The Prince of Wales Clinical School story is not just about world-class medical training or even research breakthroughs – though it has certainly seen plenty of both. For those who have been through the school, what distinguishes it from other places of medical learning are the relationships – of doctor to patient, student to teacher.
Professor James Isbister, now of the University of Sydney, was one of the first students to enrol when the new medical school opened in 1961.
“It was very exciting,” he recalls. “A fantastic environment to be in. We knew all our professors well. We knew the [then] NSW University of Technology had always been good from a technical point of view. And when you have new professors who are determined to be successful, you know it will go well.”
The Prince of Wales Clinical School opened in 1963 to provide practical ward experience for students like the young James Isbister, and David de Carle (later to become Associate Professor of Medicine and presiding member of UNSW Medical). Facilities were adequate, but basic.
James Isbister: “It was a big challenge there for the professors to organise teaching when there was nothing around them at Randwick. We did our initial lectures down at Sydney Tech [in Ultimo] in biology and chemistry, and then got the bus to Kensington and did physics and mathematics there.”
It was not until 1963, when Queen Elizabeth II opened the new medical school in the upper campus (the Wallace Wurth Building), that teaching was centralised in one place.
The Prince of Wales Hospital grew with the new medical school. “There were a few huts there, basic army huts. When you worked in there you got the feeling you were on an army base. It was evolving out of being a tuberculosis hospital predominantly.
“Now you have got three major hospitals that have all grown up there – grown up in a very different way from any other hospital campus.”
Medicine made UNSW. The decision to establish a faculty of medicine (one of the disciplines which justify the name university) coincided with a change of name from its former title, NSW University of Technology. The same move also transformed the Prince of Wales Hospital. Founded in 1868, it had gone through a series of evolutions before being designated a teaching hospital for the new faculty.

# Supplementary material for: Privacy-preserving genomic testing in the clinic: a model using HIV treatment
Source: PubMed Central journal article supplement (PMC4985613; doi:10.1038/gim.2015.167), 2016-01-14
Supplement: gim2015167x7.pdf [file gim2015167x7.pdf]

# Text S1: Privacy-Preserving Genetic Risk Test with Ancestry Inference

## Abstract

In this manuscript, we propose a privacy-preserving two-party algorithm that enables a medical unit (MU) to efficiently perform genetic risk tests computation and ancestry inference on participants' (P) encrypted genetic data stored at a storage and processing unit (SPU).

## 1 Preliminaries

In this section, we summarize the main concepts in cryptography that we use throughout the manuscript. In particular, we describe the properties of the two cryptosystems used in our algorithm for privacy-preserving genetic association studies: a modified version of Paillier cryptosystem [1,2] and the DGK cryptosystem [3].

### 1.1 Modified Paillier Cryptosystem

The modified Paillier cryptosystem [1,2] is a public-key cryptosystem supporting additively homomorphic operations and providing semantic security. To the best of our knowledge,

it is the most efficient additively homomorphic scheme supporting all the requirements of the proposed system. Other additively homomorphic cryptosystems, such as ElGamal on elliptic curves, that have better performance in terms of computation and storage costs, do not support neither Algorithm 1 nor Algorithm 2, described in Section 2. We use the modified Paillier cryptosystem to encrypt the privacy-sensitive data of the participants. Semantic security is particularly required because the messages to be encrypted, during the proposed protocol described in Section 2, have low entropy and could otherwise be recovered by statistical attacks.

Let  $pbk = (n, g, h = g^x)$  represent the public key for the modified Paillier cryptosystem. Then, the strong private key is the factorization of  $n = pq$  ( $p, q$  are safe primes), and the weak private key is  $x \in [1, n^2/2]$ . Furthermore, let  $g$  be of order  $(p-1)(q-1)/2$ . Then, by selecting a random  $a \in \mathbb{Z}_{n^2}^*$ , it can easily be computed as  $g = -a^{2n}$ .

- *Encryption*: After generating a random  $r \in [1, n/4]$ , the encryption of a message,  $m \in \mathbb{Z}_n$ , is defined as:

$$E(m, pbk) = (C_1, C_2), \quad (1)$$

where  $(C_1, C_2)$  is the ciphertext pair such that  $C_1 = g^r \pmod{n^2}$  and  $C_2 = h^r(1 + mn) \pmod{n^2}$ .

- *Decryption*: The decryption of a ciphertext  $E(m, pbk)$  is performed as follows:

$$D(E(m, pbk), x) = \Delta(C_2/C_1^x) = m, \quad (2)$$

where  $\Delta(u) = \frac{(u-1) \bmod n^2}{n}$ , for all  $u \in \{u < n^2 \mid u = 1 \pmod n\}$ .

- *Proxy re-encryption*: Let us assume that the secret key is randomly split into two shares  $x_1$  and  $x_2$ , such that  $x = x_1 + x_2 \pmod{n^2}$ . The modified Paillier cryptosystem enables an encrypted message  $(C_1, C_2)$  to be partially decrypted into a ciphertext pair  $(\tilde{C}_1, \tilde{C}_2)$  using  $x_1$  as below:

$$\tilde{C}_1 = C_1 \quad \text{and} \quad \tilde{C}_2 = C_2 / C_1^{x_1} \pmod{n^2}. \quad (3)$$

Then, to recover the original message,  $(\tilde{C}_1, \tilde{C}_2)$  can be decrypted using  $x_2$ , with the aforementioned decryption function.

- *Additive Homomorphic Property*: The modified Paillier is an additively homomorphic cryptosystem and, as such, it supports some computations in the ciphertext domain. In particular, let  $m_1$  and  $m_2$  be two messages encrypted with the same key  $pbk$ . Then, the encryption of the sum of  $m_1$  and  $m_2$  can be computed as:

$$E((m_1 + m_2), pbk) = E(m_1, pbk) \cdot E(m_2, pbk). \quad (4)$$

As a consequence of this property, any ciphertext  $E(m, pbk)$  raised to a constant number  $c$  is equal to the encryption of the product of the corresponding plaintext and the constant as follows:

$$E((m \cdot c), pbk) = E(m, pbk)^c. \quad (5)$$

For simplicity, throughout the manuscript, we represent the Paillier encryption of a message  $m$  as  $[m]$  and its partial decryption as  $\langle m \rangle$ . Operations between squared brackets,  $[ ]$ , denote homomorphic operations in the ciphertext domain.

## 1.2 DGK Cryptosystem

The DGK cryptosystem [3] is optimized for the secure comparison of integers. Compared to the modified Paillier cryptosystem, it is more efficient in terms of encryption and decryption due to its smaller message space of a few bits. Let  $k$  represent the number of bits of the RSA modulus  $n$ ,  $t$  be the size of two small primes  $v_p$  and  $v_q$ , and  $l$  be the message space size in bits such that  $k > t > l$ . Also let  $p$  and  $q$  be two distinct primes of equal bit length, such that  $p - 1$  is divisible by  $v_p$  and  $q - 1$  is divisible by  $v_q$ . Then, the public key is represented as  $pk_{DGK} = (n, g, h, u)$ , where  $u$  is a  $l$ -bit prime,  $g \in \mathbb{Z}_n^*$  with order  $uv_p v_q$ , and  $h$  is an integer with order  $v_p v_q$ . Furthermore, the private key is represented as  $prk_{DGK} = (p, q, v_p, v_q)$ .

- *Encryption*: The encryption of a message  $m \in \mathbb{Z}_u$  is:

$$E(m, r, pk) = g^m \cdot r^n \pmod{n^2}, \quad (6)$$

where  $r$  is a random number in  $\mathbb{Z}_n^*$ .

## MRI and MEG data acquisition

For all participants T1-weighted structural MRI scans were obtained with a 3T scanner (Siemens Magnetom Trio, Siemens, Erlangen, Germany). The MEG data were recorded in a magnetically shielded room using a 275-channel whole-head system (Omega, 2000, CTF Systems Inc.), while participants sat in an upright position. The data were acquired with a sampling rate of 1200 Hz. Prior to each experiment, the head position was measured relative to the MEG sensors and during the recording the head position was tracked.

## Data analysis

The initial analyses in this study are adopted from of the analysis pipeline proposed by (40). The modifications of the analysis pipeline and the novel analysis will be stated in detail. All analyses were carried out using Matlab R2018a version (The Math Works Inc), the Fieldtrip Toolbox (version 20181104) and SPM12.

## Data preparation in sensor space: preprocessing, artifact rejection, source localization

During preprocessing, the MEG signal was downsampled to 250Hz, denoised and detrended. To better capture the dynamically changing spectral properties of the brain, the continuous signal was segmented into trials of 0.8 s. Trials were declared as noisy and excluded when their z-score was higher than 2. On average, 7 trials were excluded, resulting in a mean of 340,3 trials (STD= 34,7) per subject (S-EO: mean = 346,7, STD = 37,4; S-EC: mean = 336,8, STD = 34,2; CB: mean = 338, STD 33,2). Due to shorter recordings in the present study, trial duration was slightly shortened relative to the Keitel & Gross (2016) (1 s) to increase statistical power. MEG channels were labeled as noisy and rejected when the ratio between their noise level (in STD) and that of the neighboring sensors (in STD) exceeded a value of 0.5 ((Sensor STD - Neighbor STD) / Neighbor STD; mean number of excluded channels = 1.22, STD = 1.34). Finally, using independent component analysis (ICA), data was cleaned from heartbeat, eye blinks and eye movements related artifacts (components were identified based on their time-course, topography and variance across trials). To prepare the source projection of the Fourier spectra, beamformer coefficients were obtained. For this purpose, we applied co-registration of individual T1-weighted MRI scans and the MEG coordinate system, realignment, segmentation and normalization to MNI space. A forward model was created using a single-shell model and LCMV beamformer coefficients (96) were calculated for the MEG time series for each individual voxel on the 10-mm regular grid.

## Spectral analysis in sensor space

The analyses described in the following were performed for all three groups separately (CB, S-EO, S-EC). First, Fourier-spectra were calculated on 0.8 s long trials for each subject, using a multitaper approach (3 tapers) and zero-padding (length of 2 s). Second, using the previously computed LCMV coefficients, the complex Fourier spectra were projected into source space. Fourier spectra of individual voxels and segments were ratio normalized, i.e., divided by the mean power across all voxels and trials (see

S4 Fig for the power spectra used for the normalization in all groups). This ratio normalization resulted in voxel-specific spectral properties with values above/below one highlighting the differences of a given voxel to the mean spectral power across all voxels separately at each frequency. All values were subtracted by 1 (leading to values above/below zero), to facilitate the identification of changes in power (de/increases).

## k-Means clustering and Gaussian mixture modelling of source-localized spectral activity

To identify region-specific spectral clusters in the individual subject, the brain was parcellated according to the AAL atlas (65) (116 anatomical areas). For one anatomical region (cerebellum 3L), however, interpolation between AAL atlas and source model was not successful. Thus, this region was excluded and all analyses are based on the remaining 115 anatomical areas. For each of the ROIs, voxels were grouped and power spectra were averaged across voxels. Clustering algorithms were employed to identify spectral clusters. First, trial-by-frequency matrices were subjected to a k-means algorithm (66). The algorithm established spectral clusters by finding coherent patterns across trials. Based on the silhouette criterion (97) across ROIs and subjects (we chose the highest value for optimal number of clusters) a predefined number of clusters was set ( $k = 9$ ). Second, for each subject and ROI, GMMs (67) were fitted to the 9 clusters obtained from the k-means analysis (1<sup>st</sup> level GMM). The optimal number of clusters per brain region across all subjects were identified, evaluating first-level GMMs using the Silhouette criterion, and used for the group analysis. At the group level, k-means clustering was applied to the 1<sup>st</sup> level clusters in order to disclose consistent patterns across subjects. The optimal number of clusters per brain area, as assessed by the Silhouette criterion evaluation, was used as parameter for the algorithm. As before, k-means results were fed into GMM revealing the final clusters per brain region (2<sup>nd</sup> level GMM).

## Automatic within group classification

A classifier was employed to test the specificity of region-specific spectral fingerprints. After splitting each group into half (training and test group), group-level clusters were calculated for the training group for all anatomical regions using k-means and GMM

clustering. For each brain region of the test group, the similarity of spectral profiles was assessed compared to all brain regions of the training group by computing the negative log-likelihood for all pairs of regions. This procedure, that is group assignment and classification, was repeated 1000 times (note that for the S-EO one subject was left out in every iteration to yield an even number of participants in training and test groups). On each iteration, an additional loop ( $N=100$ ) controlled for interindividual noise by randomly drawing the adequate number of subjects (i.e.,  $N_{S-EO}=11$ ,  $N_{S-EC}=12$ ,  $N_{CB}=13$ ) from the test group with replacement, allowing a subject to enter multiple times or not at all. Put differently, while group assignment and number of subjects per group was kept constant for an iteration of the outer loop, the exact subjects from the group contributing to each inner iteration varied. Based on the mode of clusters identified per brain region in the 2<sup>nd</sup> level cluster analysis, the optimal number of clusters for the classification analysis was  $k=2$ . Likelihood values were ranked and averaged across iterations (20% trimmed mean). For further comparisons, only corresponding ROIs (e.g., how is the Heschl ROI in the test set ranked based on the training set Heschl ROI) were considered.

David de Carle recalls that from the outset, the Prince of Wales clinical school was intended to teach medicine differently. “It was to be self-directed learning. We were given to understand that we would be doing quite a lot of self-directed learning on the wards.”
Practical difficulties meant the reality may have fallen a little short of the ideal in the school’s earliest years, but the teaching direction set half a century ago continues today: extensive experience of dealing with patients is central to medical education at UNSW. And the Prince of Wales Clinical School is where much of that vital experience is gained.
The association with the university which saw the first students cross its threshold 50 years ago has brought rapid development to the hospital, until today it forms, with its associated private hospital, the Sydney Children’s Hospital and the Royal Hospital for Women, one of the largest medical teaching complexes in Australia.
Apart from producing “lots and lots of very, very good doctors,” David de Carle credits the closeness of university and hospital clinical school, both growing together, for the impetus given to medical research.
“From the outset there was an understanding of the importance of medical research. One of the things to grow out of it was the great tradition of good medical research. A number of major research institutions which are quite independent have grown up in association with the UNSW – the Garvan, the Victor Chang, and others.”
Since 2009, the three-hospital complex has been known as the Health Science Alliance. As well as its central teaching role, it attracts more than $50 million a year in external research funding.
Although growth has been spectacular, it has not changed the character which its first students remembered from 50 years ago. Relationships are still what make it special.
Varsha Sivalingam, a third-year medical student, nominates the close involvement of staff with students as the factor which sets the Prince of Wales Clinical School apart. “It’s a friendly place. It has a very homely feel. There is a culture of teaching. Everyone is keen to teach you.
“At least once a week, one of the interns and doctors who have left will come back and give a tutorial on some aspect of medical practice. Students from other universities travel to Prince of Wales for those tutorials.”
Her experience at the Clinical School has shaped her ideas about her own future, too. “One of my tutors was an intensive care specialist. He took us to his ward, and that sparked my interest. In intensive care, it is one-on-one patient care. The doctors really know their patients well. They develop a strong bond.”
A gala dinner hosted by Mr David Gonski AC, Chancellor of UNSW will mark the 50th anniversary of the Randwick Hospitals Campus and UNSW partnership. UNSW alumni and hospital staff past and present are warmly invited to attend this significant occasion at UNSW.
For more information and to book your tickets please visit http://www.thehealthsciencealliance.org/symposium. Please note bookings close on 18 October, 2013.